A common misconception of filing a Chapter 7 bankruptcy and surrendering your house, or “walking away” from it, is that once your case is filed you no longer are responsible for taking care of that property.  That simply is not the case.  Until the bank actually comes in and forecloses on the property you remain responsible for any taxes, fees or assessments that come with owning that property.  These taxes, fees or assessments are said to “run with the land”.  That means that for as long as you are holder of the deed of that property you are responsible for taking care of that property.  The bankruptcy will discharge the debt you owe on the mortgage, but until the deed is actually taken back by the bank, the homeowner remains responsible for taking care of that property, which includes the payment of condo, homeowner, or subdivision fees.  This law is supported by Section 523(a) 16 of the United States Bankruptcy Code.

If these fees, taxes and assessments have accrued to the point of becoming difficult to pay back or a lien has been placed on your property, and you want to keep your house, filing a Chapter 13 bankruptcy may be a good option for you.  These fees can be paid through a Chapter 13 bankruptcy plan over a period of 36-60 months.  If a lien is placed on your house and you eventually would like to sell that property, the title will be unmarketable.  With that said, it is very important that any homeowner fees or assessments are paid in full to remove any lien that has been placed on your property.  Once the fees have been paid, the lien will be removed and you will be able to sell your house.  It is also very important to keep in mind that you will have to continue to pay monthly or annual dues even while you are in this Chapter 13 bankruptcy or you will run into this same problem all over again.

If you have any questions about this or anything else related to bankruptcy, it is my recommendation that you consult a St. Louis Area Bankruptcy Attorney today.  We offer free consultations at a number of locations.

I’ve filed Bankruptcy Before, Can I file Again?

            Yes, you can file bankruptcy multiple times. In fact, there is no limit to the number of times that you can file. However, if you have received a discharge in a previous case, a certain amount of time must pass before you can receive a discharge again. The amount of time that must elapse depends on which chapter you previously filed, and which chapter your plan on filing now.

            If you have previously filed a Chapter 7 bankruptcy, you must wait eight years to file and receive a discharge in a new Chapter 7. If you have filed a Chapter 7 in the last eight years and received a discharge you can still receive the protection of bankruptcy (automatic stay) by filing a Chapter 13.  If more than four years has elapsed since you filed your Chapter 7, you can receive a discharge in your new filing.

            If you previously received a discharge through a Chapter 13, you can receive a discharge in a Chapter 7 if six years has passed since your Chapter 13 filing. Note, that the clock starts as soon as your case is filed, not when you receive your discharge. If six years, has not passed, you can receive a discharge through another Chapter 13 as long as two years has passed since the previous Chapter 13 filing.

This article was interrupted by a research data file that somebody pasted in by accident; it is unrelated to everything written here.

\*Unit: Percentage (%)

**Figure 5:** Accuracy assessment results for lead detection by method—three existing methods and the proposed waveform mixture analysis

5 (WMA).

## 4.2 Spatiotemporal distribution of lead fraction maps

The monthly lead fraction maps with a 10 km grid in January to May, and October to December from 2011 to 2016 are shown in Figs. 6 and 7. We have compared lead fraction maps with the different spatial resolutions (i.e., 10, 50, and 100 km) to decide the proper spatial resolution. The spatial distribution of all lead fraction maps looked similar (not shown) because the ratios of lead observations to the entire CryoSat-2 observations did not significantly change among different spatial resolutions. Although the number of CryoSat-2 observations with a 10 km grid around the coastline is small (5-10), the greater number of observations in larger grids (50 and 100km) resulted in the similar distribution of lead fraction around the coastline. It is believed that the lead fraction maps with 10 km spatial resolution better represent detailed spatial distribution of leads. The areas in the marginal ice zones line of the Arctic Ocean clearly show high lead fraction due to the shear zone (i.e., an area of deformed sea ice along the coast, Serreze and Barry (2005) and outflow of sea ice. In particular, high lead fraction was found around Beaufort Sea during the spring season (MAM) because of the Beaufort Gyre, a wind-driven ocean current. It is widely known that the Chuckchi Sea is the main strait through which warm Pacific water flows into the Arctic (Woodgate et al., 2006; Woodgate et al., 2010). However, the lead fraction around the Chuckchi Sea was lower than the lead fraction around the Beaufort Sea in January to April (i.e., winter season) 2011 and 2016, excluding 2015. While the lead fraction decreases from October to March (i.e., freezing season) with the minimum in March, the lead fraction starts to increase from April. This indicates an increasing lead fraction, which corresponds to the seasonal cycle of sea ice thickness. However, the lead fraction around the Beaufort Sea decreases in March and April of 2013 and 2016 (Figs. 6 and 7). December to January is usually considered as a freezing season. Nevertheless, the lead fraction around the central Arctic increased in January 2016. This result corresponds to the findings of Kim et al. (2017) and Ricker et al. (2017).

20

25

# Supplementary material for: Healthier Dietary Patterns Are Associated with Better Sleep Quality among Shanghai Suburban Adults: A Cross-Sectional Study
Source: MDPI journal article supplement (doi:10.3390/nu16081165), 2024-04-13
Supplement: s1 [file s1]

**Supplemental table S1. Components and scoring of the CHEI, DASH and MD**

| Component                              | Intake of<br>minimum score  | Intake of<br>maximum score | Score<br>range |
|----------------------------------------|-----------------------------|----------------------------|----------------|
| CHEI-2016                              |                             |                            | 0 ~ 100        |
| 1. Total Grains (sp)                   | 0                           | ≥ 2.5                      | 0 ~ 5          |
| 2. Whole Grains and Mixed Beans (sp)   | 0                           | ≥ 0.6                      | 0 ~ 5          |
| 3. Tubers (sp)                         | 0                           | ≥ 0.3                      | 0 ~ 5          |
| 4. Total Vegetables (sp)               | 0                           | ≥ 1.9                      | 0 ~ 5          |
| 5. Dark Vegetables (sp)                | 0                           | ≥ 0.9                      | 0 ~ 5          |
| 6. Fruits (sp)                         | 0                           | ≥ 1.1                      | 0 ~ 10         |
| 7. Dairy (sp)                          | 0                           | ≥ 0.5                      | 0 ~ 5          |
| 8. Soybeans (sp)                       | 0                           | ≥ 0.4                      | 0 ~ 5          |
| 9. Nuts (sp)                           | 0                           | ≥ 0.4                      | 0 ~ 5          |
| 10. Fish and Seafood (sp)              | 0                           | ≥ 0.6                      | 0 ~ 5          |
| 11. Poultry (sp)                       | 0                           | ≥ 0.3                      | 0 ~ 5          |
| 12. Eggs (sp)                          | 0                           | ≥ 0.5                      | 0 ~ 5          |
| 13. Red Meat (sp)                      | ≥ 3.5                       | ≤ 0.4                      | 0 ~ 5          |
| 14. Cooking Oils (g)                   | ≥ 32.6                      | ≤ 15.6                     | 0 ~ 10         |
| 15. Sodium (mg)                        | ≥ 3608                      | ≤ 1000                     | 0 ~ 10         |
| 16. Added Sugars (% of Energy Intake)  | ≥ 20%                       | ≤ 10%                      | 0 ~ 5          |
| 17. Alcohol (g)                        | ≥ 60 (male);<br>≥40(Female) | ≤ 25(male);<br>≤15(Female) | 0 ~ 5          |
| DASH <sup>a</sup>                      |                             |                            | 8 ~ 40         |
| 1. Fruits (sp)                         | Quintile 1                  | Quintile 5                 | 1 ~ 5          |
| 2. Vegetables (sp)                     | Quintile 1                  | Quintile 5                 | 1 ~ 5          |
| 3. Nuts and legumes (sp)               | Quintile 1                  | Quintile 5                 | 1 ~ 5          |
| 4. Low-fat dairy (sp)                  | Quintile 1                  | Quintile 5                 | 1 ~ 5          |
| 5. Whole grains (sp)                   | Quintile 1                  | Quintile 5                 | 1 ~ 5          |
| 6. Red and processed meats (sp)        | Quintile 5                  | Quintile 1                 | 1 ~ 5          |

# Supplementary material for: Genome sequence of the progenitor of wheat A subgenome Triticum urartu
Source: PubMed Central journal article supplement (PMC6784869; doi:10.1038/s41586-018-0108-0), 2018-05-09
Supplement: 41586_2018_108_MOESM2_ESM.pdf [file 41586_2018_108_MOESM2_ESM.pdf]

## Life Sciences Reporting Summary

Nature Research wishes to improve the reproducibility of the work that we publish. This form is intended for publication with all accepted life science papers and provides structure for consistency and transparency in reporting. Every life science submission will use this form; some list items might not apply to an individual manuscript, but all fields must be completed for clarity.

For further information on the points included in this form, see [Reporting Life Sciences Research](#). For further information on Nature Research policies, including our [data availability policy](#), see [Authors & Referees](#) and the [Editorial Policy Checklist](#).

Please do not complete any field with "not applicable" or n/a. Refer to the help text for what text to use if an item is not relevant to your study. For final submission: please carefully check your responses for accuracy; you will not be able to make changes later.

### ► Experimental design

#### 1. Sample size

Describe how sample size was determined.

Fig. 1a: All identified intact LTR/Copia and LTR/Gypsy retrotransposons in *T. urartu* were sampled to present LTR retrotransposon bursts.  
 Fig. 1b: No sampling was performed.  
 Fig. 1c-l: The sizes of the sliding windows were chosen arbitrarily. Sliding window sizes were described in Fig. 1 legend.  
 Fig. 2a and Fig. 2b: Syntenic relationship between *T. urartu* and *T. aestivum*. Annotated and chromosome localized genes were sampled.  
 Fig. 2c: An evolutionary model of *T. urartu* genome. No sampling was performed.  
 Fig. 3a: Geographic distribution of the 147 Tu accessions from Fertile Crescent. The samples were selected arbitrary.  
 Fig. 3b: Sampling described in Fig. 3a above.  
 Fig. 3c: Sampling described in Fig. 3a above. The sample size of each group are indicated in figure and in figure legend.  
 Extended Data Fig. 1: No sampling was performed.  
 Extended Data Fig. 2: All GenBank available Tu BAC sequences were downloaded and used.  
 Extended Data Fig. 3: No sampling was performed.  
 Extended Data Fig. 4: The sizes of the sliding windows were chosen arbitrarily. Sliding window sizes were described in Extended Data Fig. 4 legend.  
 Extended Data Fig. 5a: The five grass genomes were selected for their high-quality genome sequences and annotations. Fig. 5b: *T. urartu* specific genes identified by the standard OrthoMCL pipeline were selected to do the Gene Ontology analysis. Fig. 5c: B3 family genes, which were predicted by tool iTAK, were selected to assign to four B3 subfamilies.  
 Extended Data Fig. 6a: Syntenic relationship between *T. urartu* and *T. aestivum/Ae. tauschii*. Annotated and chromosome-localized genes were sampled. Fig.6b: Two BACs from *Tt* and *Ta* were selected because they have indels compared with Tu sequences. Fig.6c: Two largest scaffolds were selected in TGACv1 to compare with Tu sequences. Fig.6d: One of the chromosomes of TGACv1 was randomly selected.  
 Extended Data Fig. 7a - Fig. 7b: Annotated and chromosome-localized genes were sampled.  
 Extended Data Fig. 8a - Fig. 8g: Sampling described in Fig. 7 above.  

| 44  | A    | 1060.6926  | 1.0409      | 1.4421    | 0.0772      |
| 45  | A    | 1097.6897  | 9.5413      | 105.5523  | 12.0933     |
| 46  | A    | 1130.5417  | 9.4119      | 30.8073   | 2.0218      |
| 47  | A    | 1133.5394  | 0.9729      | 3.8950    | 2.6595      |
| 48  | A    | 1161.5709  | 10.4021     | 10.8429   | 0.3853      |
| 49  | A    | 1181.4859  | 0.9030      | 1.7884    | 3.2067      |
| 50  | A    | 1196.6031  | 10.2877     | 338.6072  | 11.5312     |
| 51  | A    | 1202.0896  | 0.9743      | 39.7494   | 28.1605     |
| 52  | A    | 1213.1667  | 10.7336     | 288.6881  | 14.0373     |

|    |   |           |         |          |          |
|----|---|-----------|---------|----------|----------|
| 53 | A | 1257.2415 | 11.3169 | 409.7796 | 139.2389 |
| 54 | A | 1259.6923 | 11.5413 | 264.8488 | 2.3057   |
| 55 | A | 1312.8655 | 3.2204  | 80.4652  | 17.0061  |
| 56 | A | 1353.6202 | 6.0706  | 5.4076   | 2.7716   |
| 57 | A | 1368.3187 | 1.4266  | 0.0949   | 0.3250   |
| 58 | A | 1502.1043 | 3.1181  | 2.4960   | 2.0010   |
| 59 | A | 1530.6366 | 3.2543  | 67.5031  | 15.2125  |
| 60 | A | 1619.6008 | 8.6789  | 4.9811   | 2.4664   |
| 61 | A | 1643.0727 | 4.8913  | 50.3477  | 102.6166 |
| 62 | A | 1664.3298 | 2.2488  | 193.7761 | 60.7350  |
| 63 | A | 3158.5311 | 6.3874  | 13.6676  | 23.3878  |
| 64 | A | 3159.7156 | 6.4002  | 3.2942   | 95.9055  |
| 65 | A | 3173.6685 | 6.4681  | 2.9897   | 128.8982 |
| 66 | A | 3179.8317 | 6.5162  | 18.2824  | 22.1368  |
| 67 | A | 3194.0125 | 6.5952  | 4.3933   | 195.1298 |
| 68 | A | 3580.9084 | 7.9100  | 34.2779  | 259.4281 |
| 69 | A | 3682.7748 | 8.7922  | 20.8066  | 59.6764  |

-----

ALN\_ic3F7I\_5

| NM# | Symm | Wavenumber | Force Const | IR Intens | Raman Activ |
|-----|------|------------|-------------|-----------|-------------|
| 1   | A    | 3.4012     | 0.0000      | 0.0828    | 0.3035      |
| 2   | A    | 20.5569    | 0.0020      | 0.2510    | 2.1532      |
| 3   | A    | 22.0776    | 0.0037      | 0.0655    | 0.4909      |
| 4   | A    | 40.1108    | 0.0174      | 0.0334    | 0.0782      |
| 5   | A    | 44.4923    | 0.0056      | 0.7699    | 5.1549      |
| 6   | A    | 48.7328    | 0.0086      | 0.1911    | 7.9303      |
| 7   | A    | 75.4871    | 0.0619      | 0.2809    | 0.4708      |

But what if you can’t receive a discharge? Can you still benefit from filing? Absolutely! Student loans and taxes are generally not dischargeable in a Chapter 7. After your Chapter 7 has concluded, student loan creditors can resume garnishing up to 25% of your paycheck. The IRS is even worse. They can take over 90% of your paycheck to pay on back taxes.  Even though you may not be eligible for a discharge, you can still receive the protection of bankruptcy by filing a Chapter 13 and your student loan creditors will not be able to garnish your wages. A small monthly payment may give you up to five years of protection from lawsuits, garnishments, levies and liens.

            Just because you have previously filed a bankruptcy doesn’t mean you can’t file again. Even if you can’t receive a discharge, you can still enjoy the protection that bankruptcy provides. Schedule your appointment today with one of our experienced bankruptcy attorneys. He or she will be able to evaluate your situation and determine what is best for you.

Bankruptcy & the IRS

Filing for bankruptcy might be a solution to your tax problems. There are certain circumstances which allow for full or partial discharge of income taxes. In addition, in a chapter 13 you can pay the potion of the tax debt that cannot be discharged over a period of up to five years.


Depending upon whether you file a Chapter 7 or a Chapter 13 petition, you may be able to wipe out some if not all of your back income tax liability.


As a general rule, past due taxes related to unfiled or late returns and the related penalties cannot be discharged although there are exceptions.


If you are filing a Chapter 7 petition, generally, you can wipe out federal income taxes as long as ALL of the following criteria are met:


There is no fraud. If you filed a fraudulent return(s) or tried to avoid paying your income taxes, you will not be able to discharge the obligation.


That the tax liability in question is for a tax return filed at least two years prior to the bankruptcy.

That they were income taxes and not payroll or trust fund taxes.


That the actual tax return was due in excess of three years ago.


DSC00213 (Photo credit: BankruptcyLawyerStL)


That any tax deficiencies (that were assessed on those prior returns) were actually assessed at least 240 days prior to the filing of the petition in bankruptcy.


Lastly, that the IRS had not filed a tax lien for these back taxes on your assets. If there is already a lien, the lien survives the bankruptcy and the government can still seize the liened property to collect the tax debts.